While acute stressors can be detrimental, environmental stress conditioning can improve performance. To test the hypothesis that physiological status is altered by stress conditioning, we subjected juvenile Pacific geoduck, Panopea generosa, to repeated exposures of elevated pCO2 in a commercial hatchery setting followed by a period in ambient common garden. Respiration rate and shell length were measured for juvenile geoduck periodically throughout short-term repeated reciprocal exposure periods in ambient (~550 μatm) or elevated (~2400 μatm) pCO2 treatments and in common, ambient conditions, 5 months after exposure. Short-term exposure periods comprised an initial 10-day exposure followed by 14 days in ambient before a secondary 6-day reciprocal exposure. The initial exposure to elevated pCO2 significantly reduced respiration rate by 25% relative to ambient conditions, but no effect on shell growth was detected. Following 14 days in common garden, ambient conditions, reciprocal exposure to elevated or ambient pCO2 did not alter juvenile respiration rates, indicating ability for metabolic recovery under subsequent conditions. Shell growth was negatively affected during the reciprocal treatment in both exposure histories; however, clams exposed to the initial elevated pCO2 showed compensatory growth with 5.8% greater shell length (on average between the two secondary exposures) after 5 months in ambient conditions. Additionally, clams exposed to the secondary elevated pCO2 showed 52.4% increase in respiration rate after 5 months in ambient conditions. Early exposure to low pH appears to trigger carryover effects suggesting bioenergetic re-allocation facilitates growth compensation. Life stage-specific exposures to stress can determine when it may be especially detrimental, or advantageous, to apply stress conditioning for commercial production of this long-lived burrowing clam.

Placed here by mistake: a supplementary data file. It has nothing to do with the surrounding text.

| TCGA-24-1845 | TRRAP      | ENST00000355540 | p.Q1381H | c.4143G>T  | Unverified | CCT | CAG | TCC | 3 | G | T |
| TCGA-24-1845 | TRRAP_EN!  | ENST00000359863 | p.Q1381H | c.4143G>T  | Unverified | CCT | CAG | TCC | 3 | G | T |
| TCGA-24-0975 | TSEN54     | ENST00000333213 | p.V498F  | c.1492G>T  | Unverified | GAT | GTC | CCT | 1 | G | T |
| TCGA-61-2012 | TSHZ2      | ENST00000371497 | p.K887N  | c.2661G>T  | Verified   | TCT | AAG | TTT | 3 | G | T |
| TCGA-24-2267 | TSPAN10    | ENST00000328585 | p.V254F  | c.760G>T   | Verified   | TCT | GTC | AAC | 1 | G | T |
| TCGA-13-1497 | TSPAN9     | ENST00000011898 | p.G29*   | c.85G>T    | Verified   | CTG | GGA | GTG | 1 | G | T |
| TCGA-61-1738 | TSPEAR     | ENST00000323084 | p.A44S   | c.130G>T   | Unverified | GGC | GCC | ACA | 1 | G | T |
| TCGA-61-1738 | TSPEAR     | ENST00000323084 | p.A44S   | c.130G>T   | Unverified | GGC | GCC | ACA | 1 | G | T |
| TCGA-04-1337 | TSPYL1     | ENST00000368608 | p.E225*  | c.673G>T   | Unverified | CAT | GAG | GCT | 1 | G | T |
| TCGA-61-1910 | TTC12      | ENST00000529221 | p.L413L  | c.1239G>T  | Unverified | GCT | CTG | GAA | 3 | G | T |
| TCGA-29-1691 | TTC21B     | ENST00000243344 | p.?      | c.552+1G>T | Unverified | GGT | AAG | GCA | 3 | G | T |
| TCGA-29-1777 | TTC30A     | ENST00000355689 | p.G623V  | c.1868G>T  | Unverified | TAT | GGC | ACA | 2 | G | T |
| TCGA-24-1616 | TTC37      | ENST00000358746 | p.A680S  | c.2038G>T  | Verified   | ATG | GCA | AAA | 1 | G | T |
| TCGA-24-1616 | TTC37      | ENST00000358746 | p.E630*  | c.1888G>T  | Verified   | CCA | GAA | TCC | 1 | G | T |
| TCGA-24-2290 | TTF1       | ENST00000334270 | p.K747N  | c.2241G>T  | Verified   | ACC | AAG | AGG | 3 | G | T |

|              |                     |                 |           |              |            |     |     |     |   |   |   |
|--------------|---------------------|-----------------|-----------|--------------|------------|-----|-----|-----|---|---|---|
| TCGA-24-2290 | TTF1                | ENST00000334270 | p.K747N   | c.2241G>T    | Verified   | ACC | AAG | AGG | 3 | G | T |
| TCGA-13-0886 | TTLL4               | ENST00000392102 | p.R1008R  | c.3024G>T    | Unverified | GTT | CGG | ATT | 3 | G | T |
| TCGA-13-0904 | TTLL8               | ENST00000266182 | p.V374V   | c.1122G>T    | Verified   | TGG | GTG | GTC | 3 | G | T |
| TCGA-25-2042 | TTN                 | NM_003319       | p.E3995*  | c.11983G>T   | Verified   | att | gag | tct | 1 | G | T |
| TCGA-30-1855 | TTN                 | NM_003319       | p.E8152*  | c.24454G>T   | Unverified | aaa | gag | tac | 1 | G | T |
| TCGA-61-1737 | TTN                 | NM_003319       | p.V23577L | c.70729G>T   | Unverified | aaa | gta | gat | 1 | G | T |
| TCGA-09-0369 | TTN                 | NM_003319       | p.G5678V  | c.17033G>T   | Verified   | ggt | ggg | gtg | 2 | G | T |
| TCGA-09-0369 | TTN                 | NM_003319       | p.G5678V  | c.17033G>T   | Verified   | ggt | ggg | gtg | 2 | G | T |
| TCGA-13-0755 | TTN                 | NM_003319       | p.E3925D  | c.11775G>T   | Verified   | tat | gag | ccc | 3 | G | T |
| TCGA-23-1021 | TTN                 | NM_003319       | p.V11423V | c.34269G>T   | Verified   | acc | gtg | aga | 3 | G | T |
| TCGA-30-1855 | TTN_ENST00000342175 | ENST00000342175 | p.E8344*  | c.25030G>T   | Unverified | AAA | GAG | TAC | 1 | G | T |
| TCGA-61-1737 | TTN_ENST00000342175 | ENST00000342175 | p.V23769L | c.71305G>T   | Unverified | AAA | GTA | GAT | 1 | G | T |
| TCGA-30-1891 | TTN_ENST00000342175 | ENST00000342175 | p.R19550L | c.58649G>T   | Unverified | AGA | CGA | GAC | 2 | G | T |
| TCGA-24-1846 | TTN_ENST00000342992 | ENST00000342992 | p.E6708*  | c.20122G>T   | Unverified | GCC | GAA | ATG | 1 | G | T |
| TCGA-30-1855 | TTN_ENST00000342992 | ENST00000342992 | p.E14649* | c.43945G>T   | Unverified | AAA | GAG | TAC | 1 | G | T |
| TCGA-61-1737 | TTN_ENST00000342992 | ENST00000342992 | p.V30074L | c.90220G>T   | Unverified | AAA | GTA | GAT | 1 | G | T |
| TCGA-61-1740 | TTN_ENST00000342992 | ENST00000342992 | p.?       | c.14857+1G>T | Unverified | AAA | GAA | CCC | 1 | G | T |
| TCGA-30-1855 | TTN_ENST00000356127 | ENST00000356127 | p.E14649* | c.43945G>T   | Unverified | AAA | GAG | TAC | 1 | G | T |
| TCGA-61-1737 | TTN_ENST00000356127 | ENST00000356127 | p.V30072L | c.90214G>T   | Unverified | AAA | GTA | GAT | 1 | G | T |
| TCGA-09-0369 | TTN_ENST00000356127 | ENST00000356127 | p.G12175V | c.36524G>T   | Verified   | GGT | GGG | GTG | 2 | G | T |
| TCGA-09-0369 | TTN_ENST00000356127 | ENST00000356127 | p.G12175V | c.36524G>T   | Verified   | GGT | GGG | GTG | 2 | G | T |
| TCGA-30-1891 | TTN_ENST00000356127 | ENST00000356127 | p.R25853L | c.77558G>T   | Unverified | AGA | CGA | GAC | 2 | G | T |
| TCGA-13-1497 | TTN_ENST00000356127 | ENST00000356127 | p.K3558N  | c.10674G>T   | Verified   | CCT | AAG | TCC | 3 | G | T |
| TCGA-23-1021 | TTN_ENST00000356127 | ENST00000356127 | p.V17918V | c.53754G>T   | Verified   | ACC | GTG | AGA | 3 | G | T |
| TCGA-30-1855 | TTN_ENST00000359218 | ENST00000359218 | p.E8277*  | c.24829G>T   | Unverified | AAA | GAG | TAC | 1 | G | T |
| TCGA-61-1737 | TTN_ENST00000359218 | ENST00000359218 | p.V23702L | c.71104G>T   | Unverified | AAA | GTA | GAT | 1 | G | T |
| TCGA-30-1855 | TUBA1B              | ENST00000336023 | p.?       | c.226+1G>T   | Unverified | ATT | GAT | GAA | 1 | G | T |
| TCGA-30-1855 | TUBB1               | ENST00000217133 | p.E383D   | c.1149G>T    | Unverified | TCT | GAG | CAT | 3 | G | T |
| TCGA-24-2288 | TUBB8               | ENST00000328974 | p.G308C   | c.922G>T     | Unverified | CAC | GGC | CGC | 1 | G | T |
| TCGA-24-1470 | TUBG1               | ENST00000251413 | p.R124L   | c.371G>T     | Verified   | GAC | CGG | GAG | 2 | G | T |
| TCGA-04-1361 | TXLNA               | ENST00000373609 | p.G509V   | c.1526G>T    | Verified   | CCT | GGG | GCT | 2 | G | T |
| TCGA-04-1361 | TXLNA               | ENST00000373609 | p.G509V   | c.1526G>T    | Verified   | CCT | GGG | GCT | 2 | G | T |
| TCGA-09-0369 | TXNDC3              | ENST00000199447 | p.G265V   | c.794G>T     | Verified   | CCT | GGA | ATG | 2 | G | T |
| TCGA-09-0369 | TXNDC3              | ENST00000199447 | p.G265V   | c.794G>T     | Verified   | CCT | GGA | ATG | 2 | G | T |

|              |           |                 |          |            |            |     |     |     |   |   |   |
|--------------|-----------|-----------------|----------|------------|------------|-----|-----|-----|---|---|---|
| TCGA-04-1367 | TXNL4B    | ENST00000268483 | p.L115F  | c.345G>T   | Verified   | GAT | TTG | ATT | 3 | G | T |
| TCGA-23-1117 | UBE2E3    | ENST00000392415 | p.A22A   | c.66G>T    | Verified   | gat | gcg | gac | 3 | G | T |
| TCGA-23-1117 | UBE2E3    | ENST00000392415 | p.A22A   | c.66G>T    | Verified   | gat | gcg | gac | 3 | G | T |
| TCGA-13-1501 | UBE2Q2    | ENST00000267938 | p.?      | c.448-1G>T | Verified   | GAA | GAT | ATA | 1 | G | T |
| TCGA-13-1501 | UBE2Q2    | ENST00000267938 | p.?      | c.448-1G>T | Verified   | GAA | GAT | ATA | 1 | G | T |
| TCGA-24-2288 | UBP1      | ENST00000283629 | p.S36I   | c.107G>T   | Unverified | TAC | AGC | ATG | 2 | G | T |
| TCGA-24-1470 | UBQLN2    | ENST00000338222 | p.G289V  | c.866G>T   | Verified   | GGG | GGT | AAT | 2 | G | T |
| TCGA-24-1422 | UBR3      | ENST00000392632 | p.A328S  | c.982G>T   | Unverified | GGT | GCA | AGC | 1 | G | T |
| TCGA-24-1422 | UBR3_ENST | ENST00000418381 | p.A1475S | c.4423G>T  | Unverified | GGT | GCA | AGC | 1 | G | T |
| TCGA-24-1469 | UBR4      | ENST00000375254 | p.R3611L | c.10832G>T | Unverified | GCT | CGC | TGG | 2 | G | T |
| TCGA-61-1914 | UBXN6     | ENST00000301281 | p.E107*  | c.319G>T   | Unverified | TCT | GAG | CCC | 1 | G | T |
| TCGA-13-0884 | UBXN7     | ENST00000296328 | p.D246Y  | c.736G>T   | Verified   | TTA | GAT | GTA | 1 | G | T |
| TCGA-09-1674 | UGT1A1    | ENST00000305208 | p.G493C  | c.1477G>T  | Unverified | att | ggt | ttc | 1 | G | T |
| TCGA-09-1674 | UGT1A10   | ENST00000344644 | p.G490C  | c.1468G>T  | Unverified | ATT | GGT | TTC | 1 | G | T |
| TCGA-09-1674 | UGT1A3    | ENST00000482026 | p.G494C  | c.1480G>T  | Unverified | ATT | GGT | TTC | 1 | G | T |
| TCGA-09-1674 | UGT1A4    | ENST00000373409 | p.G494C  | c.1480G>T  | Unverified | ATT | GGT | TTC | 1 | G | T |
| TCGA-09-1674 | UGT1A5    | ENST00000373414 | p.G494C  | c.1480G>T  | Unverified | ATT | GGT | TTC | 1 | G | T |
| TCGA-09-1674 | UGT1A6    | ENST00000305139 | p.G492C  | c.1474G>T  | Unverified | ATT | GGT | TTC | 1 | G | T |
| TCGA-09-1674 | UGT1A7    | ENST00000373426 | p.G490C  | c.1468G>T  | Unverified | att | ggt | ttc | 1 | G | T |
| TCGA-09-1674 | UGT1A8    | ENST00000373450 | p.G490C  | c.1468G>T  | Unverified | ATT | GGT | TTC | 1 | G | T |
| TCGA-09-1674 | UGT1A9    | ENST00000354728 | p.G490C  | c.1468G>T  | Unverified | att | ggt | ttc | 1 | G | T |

Continue reading ‘Metabolic recovery and compensatory shell growth of juvenile Pacific geoduck Panopea generosa following short-term exposure to acidified seawater’


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Ocean acidification in the IPCC AR5 WG II